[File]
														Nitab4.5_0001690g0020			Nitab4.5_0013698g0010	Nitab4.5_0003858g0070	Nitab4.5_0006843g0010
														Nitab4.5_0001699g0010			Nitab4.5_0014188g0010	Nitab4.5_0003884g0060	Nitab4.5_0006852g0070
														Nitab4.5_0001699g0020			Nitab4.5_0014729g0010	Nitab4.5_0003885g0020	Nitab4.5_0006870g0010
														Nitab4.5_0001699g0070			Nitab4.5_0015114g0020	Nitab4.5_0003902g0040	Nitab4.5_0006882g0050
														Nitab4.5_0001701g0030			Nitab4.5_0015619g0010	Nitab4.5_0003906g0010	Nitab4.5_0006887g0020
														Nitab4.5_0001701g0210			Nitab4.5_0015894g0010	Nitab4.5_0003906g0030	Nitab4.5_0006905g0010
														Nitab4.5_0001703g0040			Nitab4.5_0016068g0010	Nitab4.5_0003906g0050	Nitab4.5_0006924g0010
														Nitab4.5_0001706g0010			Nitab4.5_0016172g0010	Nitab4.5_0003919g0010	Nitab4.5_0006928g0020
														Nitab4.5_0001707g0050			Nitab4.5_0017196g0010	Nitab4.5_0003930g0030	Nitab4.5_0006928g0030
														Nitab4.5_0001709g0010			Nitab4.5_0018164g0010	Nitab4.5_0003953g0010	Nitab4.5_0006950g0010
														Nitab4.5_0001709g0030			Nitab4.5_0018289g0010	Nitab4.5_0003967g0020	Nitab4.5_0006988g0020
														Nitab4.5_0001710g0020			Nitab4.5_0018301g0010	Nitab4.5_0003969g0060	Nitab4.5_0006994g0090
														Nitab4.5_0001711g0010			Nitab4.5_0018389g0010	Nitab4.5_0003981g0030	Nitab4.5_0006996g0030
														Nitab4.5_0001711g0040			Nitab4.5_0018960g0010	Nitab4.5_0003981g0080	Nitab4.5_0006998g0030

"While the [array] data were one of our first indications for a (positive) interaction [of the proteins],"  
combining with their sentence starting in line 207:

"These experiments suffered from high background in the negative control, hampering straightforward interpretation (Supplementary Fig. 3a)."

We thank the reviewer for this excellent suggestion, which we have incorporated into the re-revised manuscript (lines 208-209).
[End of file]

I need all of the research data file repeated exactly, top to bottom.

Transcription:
														Nitab4.5_0001690g0020			Nitab4.5_0013698g0010	Nitab4.5_0003858g0070	Nitab4.5_0006843g0010
														Nitab4.5_0001699g0010			Nitab4.5_0014188g0010	Nitab4.5_0003884g0060	Nitab4.5_0006852g0070
														Nitab4.5_0001699g0020			Nitab4.5_0014729g0010	Nitab4.5_0003885g0020	Nitab4.5_0006870g0010
														Nitab4.5_0001699g0070			Nitab4.5_0015114g0020	Nitab4.5_0003902g0040	Nitab4.5_0006882g0050
														Nitab4.5_0001701g0030			Nitab4.5_0015619g0010	Nitab4.5_0003906g0010	Nitab4.5_0006887g0020
														Nitab4.5_0001701g0210			Nitab4.5_0015894g0010	Nitab4.5_0003906g0030	Nitab4.5_0006905g0010
														Nitab4.5_0001703g0040			Nitab4.5_0016068g0010	Nitab4.5_0003906g0050	Nitab4.5_0006924g0010
														Nitab4.5_0001706g0010			Nitab4.5_0016172g0010	Nitab4.5_0003919g0010	Nitab4.5_0006928g0020
														Nitab4.5_0001707g0050			Nitab4.5_0017196g0010	Nitab4.5_0003930g0030	Nitab4.5_0006928g0030
														Nitab4.5_0001709g0010			Nitab4.5_0018164g0010	Nitab4.5_0003953g0010	Nitab4.5_0006950g0010
														Nitab4.5_0001709g0030			Nitab4.5_0018289g0010	Nitab4.5_0003967g0020	Nitab4.5_0006988g0020
														Nitab4.5_0001710g0020			Nitab4.5_0018301g0010	Nitab4.5_0003969g0060	Nitab4.5_0006994g0090
														Nitab4.5_0001711g0010			Nitab4.5_0018389g0010	Nitab4.5_0003981g0030	Nitab4.5_0006996g0030
														Nitab4.5_0001711g0040			Nitab4.5_0018960g0010	Nitab4.5_0003981g0080	Nitab4.5_0006998g0030

"While the [array] data were one of our first indications for a (positive) interaction [of the proteins],"  
combining with their sentence starting in line 207:

"These experiments suffered from high background in the negative control, hampering straightforward interpretation (Supplementary Fig. 3a)."

We thank the reviewer for this excellent suggestion, which we have incorporated into the re-revised manuscript (lines 208-209).